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City Police To Get Upgraded Body Cameras, In Hopes It Will Add Transparency

Ariel Worthy
90.5 WESA
Police Chief Scott Schubert says new body cameras will help with transparency from the police bureau.

Pittsburgh City Council gave preliminary approval on Wednesday to spending more than $10 million on upgraded body cameras and stun guns for city police. 

The new cameras and tasers will be distributed not just to uniformed officers, but detectives and other staff.

The department will enter into a five-year contract with Axon, which makes the body cameras. 

Police Chief Scott Schubert told council the new cameras will automatically activate when officers pull out their weapons or tasers, and will also automatically activate other officers' body cameras within a 35-foot radius. That will help provide multiple camera angles for an incident.

The upgrades will also allow command staff to pull up camera footage and see what is happening in real time. Footage will upload when officers recharge their cameras; [olice will also be able to upload footage from the field if it is needed immediately.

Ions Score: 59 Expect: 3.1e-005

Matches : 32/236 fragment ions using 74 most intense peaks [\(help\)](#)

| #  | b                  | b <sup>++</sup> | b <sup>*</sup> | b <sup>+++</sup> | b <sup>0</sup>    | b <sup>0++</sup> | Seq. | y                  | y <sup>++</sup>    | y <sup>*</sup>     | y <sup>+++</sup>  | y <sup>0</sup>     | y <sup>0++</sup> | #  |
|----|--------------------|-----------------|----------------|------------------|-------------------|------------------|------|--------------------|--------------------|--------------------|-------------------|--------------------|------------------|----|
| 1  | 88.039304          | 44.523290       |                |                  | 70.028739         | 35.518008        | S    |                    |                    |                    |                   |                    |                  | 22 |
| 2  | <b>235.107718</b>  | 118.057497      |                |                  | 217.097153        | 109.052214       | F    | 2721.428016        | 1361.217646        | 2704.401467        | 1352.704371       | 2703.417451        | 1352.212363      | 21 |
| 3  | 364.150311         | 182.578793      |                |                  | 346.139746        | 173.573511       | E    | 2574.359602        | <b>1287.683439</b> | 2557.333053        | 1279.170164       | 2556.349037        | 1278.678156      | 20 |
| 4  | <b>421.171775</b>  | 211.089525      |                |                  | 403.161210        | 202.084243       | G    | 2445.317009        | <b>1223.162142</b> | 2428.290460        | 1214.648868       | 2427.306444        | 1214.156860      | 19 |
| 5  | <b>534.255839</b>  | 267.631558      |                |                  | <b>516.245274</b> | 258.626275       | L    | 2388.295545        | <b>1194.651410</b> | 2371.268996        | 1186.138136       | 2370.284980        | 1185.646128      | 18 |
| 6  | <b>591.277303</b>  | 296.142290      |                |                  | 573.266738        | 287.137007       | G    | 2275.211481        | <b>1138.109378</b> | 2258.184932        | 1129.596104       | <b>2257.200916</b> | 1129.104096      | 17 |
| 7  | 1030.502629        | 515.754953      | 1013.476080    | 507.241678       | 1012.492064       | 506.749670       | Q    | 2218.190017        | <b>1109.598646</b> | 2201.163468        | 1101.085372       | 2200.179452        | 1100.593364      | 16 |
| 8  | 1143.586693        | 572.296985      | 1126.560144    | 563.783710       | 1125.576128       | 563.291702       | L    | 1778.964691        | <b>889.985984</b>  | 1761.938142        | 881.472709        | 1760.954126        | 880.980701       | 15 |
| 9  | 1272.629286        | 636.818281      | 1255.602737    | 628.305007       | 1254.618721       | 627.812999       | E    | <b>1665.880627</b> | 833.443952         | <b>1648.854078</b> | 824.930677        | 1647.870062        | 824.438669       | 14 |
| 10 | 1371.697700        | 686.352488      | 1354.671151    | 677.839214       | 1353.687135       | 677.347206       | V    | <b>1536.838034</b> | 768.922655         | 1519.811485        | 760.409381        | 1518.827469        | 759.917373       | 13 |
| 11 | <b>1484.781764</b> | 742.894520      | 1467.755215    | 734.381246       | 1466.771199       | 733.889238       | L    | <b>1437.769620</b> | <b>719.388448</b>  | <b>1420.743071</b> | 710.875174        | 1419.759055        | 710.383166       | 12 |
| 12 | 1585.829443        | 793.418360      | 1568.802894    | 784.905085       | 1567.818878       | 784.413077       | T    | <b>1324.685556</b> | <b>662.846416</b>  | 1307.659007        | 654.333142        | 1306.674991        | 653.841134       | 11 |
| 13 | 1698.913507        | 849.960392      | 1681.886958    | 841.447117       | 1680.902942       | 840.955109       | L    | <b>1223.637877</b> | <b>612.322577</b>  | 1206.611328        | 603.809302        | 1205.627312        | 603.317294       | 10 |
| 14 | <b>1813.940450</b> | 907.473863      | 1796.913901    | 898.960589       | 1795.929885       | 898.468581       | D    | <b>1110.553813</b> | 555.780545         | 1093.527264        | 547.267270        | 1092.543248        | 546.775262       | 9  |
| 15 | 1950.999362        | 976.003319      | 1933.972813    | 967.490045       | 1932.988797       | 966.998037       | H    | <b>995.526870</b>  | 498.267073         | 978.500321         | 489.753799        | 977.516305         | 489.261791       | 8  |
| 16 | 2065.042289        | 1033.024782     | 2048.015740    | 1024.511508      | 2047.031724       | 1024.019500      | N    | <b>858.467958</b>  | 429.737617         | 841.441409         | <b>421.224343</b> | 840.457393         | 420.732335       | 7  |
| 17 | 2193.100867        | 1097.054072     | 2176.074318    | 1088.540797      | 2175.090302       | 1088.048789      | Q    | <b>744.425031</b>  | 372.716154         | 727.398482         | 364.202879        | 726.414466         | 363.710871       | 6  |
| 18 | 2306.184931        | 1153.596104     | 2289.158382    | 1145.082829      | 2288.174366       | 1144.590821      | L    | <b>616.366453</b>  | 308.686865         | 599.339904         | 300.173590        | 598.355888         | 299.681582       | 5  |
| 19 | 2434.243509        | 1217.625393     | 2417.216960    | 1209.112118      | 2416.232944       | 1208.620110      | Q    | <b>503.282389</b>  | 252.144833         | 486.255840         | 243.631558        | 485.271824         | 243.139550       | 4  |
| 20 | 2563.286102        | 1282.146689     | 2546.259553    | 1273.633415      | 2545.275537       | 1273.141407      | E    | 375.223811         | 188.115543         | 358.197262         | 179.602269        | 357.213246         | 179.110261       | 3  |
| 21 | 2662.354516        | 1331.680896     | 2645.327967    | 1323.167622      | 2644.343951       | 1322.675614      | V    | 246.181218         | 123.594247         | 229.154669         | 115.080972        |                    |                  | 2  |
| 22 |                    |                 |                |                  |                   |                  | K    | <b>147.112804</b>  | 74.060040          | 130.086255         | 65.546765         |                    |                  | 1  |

Schubert said the cameras will help the department operate more transparently.  

"This covers everything," he said. "The officer doesn't have to worry about it; they just need to do their job and allow this to help with whether the investigative portion, or even if there's complaints." 

"It's the right thing to do," Schubert added. "It helps protect the officers, it helps protect the community, it helps protect the city."

Public Safety Director Wendell Hissrich said the new purchase will also standardize police equipment. Currently the department uses multiple types of body cameras.

The new tasers will also allow officers to make multiple shots on a single cartridge. The existing system requires changing cartridges after each use.

"If you miss you have to re-engage with the thing," said Schubert. "This one, it offers multiple shots. So ... you can take another one without having to hurry up and grab another cartridge. ... It's more accurate, which makes it safer for the officers and the public as well."  

The department expects to have the new equipment by January.